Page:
A buffer solution has the tast to keep the pH of a solution as stable as possible, even when strong acid or base are added.
In a buffer always are mixed toghether:
about the same amount of (weak) acid HA and conjugated base A-
The last one can, for example, be added in the form of the very soluble NaA.
The HA aims to catch added base and the A- aims to catch the added acid.
The more weak acid and conjugated base are toghether, the more strong acid and base can be caught and the bigger is the buffer capacity.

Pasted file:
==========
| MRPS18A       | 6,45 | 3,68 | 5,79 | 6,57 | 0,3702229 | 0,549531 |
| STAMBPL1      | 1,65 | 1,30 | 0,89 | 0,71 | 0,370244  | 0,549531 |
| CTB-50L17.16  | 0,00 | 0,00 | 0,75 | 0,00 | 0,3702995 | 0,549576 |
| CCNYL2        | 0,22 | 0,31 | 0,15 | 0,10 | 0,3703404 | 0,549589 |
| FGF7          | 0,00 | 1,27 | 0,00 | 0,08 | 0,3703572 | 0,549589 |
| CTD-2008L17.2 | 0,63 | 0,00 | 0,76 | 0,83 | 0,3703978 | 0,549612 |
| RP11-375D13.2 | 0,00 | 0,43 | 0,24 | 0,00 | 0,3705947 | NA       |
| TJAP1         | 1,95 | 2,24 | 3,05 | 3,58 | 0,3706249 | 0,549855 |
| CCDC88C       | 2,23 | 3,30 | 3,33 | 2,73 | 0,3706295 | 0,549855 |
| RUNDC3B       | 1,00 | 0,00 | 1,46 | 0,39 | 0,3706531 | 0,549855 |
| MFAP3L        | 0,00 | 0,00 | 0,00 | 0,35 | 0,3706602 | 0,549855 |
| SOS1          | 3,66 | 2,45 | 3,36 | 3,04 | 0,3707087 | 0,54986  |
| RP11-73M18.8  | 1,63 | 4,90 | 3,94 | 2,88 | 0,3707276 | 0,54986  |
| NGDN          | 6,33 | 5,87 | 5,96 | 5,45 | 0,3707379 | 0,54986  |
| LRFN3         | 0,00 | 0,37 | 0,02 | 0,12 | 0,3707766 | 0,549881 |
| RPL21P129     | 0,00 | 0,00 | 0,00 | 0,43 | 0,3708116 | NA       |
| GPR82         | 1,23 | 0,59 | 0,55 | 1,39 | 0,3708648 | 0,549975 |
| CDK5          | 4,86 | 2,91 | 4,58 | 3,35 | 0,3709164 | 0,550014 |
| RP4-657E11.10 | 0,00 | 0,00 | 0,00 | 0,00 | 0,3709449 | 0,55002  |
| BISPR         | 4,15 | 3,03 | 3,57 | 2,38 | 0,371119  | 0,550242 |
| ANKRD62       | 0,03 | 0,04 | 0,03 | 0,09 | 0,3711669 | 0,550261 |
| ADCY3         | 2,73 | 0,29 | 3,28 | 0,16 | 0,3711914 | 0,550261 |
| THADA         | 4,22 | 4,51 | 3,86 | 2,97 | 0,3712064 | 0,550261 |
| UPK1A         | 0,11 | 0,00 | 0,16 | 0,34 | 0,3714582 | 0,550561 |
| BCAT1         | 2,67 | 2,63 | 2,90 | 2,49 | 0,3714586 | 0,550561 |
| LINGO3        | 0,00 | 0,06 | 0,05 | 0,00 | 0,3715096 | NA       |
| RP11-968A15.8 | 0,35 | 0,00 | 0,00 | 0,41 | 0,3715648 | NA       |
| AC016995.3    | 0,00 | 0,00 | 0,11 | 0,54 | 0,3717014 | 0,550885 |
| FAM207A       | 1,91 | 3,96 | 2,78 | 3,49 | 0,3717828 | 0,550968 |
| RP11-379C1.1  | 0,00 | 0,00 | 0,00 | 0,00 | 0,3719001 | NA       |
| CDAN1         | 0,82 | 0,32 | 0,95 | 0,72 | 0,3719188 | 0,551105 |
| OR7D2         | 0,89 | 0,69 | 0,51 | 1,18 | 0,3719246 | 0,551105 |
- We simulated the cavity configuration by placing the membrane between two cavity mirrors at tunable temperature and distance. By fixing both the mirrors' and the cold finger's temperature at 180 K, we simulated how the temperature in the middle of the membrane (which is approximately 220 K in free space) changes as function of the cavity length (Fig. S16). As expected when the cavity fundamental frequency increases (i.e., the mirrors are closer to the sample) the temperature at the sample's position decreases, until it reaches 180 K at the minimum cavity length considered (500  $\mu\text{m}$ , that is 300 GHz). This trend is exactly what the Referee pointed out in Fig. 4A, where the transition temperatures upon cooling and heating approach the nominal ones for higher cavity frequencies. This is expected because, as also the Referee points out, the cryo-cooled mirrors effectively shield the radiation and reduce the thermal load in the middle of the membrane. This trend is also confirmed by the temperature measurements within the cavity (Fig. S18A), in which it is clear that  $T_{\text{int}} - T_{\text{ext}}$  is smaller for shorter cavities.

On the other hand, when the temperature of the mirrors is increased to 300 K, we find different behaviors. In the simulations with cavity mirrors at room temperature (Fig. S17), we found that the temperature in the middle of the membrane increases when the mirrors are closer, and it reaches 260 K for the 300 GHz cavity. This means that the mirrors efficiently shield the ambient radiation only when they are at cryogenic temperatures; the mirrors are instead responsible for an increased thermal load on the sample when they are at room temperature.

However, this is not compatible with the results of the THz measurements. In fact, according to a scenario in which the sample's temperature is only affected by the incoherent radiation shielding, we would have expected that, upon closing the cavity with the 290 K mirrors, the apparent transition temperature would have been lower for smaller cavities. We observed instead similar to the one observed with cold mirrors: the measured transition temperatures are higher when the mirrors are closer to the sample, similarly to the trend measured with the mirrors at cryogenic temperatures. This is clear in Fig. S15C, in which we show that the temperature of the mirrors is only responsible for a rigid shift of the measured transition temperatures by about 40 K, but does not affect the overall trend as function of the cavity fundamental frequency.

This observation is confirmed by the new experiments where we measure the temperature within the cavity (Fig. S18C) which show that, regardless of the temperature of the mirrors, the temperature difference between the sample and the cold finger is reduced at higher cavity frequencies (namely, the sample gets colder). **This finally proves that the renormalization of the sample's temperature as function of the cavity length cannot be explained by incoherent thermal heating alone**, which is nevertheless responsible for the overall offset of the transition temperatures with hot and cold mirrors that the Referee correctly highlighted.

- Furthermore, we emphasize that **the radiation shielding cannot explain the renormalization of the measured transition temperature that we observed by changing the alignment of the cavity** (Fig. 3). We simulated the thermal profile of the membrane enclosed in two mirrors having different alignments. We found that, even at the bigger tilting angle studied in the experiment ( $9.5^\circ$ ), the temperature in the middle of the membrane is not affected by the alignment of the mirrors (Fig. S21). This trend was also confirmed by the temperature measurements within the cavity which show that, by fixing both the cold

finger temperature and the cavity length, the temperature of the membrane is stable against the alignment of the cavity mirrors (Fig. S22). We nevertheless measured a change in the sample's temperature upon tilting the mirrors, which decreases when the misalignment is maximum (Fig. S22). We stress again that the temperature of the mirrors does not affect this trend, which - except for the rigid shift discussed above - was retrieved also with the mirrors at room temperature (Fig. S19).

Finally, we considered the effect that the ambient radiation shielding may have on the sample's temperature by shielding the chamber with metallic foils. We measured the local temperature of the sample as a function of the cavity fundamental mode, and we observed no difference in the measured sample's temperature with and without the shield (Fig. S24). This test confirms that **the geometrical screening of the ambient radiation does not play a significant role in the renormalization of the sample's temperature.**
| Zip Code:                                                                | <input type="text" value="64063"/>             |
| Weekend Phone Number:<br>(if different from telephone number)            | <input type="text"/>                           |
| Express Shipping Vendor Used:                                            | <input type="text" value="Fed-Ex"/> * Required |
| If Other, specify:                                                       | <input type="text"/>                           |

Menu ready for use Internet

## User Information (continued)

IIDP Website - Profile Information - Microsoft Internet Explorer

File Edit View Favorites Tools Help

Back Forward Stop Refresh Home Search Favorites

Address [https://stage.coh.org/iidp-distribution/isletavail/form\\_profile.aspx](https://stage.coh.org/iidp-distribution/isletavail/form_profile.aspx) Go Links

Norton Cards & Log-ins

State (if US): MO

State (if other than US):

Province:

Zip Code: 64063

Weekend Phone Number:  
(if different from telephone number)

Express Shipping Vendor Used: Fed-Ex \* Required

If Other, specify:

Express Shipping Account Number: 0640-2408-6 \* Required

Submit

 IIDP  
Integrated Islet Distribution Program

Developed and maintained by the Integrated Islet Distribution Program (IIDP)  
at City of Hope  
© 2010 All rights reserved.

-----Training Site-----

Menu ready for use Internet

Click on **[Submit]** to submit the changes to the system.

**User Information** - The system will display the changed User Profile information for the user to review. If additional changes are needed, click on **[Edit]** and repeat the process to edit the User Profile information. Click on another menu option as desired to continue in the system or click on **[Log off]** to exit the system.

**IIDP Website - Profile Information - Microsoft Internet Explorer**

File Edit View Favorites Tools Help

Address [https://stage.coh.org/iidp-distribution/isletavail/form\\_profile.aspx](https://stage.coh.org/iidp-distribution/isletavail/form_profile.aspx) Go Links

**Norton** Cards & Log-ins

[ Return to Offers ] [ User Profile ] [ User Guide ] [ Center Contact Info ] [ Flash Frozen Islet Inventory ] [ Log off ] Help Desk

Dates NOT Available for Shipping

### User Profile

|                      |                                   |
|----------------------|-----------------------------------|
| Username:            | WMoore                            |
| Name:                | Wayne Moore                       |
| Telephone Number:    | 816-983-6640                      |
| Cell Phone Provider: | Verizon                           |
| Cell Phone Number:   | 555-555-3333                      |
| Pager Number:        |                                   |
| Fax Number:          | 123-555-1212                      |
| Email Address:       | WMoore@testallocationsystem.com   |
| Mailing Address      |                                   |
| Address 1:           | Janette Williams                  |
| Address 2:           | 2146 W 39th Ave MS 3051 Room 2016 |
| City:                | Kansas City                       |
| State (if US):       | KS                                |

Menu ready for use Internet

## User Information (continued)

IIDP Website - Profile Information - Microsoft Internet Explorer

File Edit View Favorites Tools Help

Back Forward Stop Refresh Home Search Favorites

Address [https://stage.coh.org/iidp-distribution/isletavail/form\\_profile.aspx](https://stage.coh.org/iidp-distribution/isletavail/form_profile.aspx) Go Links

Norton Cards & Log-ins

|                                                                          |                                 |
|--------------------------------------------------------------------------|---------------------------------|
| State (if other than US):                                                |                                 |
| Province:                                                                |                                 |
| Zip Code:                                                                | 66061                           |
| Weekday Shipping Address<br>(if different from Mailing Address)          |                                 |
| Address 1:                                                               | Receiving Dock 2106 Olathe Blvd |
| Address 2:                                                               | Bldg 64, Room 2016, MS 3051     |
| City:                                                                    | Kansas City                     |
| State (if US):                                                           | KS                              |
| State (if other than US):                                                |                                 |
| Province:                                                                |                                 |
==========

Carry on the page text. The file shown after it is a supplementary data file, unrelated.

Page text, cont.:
A rather concentrated mixture of a weak acid with its weak conjugated base
In a solution of a weak acid always:
[H3O+] = [A-] (those two are set free in equal amounts from HA).
In a buffer however, much extra A- is added, so in a buffer those two concentrations are no longer equal.
Adding to a buffer a littlebit of strong acid, the present weak base A- will catch (neutralise) that added acid.
Adding a bit of strong base to a buffer, the present HA will catch (neutralise) that added base.
From the well known formula for Ka, you must be able to deduce the so called